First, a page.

Things to know about Deferred Action for Childhood Arrivals
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Things to know about Deferred Action for Childhood Arrivals

| Aug 10, 2020 | Firm News

The Deferred Action for Childhood Arrivals helps protect people who came to this country as undocumented children from deportation. This immigration program has had a topsy-turvy existence began in 2012. This year was especially eventful for DACA.     

What is DACA?

DACA is a policy adopted eight years in the last administration to protect specified individuals who came to this country as undocumented children. Currently, there are approximately 645,600 recipients.

In addition to deportation protection, DACA provides eligibility for work authorization, a social security number, and a state-issued identification or a driver’s license.

DACA does not grant a visa, green card or other lawful status or an avenue to U.S. citizenship. Before July 2020, DACA was granted for a 2-year period which could be renewed.

U.S. Supreme Court decision

This year, the Supreme Court rejected the federal government’s 2017 attempt to end DACA. It ruled that its procedures were unlawful and the return of the matter to the Department of Homeland Security.

The July 2020 memorandum and renewals

The federal government issued a July 2020 memorandum restricting DACA. It ends DACA eligibility for applicants who did not receive DACA and states that it all new or previous requests will be rejected, and the fee returned. The memorandum also ends the possibility of advance parole for DACA recipients and the issuance of special permits for international travel except in exceptional circumstances.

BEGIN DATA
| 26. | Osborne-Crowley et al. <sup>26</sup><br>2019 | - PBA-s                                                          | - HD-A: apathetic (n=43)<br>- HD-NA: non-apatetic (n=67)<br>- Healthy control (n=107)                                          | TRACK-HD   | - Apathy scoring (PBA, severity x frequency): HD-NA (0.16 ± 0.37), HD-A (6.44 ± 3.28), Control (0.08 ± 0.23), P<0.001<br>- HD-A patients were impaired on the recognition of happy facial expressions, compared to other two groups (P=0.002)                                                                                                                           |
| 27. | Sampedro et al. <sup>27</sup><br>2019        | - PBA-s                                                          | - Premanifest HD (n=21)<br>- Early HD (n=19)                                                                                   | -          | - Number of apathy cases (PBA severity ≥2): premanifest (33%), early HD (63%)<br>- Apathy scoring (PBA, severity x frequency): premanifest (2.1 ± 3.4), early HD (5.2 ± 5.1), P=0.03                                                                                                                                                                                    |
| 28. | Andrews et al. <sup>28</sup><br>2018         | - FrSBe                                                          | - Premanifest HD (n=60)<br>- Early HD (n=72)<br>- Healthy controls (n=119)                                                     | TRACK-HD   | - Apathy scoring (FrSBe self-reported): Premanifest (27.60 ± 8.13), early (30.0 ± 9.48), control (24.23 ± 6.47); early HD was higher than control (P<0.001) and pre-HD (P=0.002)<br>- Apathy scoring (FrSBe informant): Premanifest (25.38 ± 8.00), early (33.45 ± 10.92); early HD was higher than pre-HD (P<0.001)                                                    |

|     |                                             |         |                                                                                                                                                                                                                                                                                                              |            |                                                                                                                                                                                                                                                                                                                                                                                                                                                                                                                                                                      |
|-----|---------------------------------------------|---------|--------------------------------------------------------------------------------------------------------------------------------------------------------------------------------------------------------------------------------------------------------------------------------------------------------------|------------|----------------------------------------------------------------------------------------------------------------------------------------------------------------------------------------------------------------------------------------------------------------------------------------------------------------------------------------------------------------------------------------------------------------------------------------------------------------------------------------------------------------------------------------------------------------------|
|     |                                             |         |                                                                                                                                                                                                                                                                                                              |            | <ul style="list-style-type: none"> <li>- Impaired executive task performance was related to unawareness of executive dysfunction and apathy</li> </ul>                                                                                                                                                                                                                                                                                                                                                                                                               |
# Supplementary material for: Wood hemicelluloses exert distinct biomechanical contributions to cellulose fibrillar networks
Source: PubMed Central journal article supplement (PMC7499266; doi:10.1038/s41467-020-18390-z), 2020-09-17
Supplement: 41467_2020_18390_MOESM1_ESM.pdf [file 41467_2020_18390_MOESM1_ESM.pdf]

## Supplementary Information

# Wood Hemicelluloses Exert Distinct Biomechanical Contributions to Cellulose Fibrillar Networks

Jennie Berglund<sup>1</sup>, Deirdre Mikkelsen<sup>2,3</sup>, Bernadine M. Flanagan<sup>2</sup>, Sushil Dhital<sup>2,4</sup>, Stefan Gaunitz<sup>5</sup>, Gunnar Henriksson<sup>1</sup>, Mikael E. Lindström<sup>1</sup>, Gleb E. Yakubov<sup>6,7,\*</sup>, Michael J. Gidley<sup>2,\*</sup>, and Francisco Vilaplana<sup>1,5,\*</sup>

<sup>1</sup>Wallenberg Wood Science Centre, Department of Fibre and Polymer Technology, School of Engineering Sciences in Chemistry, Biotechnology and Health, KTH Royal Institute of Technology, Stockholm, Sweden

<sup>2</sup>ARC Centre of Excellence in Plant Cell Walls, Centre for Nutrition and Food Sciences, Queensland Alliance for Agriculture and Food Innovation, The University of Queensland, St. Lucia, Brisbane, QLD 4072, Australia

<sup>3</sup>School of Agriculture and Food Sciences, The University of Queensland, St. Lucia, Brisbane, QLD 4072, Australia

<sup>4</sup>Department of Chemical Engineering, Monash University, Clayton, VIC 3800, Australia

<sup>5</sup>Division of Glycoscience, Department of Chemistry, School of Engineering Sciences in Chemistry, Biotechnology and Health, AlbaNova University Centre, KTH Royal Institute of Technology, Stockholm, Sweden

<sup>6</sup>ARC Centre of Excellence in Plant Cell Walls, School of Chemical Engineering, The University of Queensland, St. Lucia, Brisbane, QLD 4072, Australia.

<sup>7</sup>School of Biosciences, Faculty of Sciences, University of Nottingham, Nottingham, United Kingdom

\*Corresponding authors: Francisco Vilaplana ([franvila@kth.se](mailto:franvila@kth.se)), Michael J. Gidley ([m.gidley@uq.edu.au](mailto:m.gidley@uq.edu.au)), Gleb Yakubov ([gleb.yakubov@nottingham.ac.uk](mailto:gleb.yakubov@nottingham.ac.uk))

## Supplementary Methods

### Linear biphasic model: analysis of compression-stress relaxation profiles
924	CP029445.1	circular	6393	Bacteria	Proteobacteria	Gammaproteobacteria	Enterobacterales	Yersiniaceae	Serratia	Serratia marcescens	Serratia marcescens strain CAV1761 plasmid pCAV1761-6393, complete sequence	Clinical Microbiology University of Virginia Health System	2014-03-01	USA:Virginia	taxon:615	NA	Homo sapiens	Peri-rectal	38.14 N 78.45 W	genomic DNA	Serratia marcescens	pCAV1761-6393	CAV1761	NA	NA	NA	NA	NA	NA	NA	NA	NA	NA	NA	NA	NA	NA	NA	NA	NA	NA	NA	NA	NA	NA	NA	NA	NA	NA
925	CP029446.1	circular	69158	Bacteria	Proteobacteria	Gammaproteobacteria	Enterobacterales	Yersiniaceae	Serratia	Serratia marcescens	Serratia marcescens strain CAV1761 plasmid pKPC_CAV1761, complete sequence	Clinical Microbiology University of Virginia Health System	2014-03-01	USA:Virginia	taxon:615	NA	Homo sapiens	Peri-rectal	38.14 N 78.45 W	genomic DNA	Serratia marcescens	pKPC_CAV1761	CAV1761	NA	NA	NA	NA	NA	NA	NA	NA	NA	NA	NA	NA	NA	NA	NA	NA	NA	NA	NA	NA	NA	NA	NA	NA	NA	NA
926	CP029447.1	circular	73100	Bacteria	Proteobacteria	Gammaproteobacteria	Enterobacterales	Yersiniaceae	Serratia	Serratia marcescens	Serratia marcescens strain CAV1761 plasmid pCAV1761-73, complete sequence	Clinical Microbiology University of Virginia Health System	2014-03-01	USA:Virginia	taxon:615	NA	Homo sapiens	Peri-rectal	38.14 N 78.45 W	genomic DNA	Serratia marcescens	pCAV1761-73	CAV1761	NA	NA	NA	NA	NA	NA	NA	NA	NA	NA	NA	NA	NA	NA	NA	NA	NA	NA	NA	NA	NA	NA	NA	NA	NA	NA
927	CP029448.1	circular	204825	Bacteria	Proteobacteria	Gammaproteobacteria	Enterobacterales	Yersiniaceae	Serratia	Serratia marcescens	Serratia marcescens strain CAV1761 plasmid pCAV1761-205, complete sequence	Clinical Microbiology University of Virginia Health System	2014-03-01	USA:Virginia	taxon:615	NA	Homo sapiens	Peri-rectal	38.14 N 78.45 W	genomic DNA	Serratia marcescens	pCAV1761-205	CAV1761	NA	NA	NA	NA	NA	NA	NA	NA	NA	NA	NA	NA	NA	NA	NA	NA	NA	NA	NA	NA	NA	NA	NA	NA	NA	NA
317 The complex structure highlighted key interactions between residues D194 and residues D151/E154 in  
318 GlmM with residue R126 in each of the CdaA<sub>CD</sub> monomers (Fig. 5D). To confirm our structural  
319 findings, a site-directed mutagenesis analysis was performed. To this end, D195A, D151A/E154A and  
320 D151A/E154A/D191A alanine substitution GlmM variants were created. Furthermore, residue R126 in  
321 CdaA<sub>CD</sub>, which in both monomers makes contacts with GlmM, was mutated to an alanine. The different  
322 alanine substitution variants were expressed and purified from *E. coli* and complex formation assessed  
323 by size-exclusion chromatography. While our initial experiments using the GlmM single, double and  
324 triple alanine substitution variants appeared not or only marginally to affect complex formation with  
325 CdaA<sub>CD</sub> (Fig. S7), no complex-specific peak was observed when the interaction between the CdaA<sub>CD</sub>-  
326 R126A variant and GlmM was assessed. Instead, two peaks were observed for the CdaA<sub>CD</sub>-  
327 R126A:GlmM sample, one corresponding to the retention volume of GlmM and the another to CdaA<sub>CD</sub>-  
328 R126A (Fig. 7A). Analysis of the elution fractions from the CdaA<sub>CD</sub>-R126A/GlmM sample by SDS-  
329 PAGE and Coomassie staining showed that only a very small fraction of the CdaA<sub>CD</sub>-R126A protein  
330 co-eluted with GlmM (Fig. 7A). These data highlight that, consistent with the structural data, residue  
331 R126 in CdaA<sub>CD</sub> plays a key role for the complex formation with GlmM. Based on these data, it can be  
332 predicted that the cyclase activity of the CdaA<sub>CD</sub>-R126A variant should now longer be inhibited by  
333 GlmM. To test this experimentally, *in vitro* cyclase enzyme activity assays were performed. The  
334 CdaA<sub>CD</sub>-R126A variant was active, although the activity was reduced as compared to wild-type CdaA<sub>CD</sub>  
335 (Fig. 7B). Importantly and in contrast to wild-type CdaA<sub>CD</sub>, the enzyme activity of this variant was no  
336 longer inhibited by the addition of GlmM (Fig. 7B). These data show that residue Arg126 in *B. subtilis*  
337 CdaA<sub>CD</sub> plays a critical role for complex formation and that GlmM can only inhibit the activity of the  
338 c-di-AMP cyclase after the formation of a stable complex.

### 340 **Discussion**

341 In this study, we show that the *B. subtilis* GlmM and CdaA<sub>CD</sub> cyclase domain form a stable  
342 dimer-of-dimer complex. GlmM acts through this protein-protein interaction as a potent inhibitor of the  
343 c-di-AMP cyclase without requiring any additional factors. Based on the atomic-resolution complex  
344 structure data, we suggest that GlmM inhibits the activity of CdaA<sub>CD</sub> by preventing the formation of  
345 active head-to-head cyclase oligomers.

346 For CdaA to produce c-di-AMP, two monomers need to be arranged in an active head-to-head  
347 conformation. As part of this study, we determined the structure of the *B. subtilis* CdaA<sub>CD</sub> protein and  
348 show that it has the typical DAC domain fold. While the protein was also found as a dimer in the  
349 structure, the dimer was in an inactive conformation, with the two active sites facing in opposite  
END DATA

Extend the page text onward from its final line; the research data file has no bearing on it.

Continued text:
Individuals who are current DACA recipients, had DACA in the past or had DACA terminated   apparently keep the ability to submit renewal requests. But DACA protection drops from two years to one year.

Individuals with a current DACA that expires in the next five months may need to renew as soon as possible to ensure that it does not expire. The U.S. Citizenship and Immigration Services recommends that individuals submit their renewal requests 150 to 120 days before their DACA expires. The agency will not accept renewal applications that are submitted over 150 days before expiration.

USCIS has refused to process new DACA applications and will reject them. Under this memorandum, any applications that were pending when this memorandum was issued will be processed under the terms of that memorandum. This will likely lower that renewal period to one year.

Advance parole

USCIS will return advance parole travel applications from DACA recipients in accordance with the government’s July 20 memorandum unless the applicant demonstrates exceptional circumstances.

An advance parole application that was already approved will not be terminated and the travel permit may be used. But it may be advisable to seek legal guidance to assure that there are no difficulties when an individual returns to this country.

Renewal risks

Any risks associated with renewals may depend on an individual’s situation. According to the July 20 memorandum, the federal government is considering DACA termination.

The memorandum states that information provided in a DACA application should be protected regarding immigration enforcement. But this protection does not apply to individuals who are considered a national security threat, used fraud in their application or committed a serious crime.

The Department of Homeland Security already has information about renewal applicants from their earlier applications. There were also reports that ICE has access to USCIS information.

Individuals who had recent dealings with law enforcement or immigration officials should carefully consider whether they should submit a renewal. Some criminal issues have the risk of denial or deportation.

An immigration attorney can assist individuals with the complexity and changing status of DACA. Legal advice may be especially important on issues such as applications, DACA status and advance parole.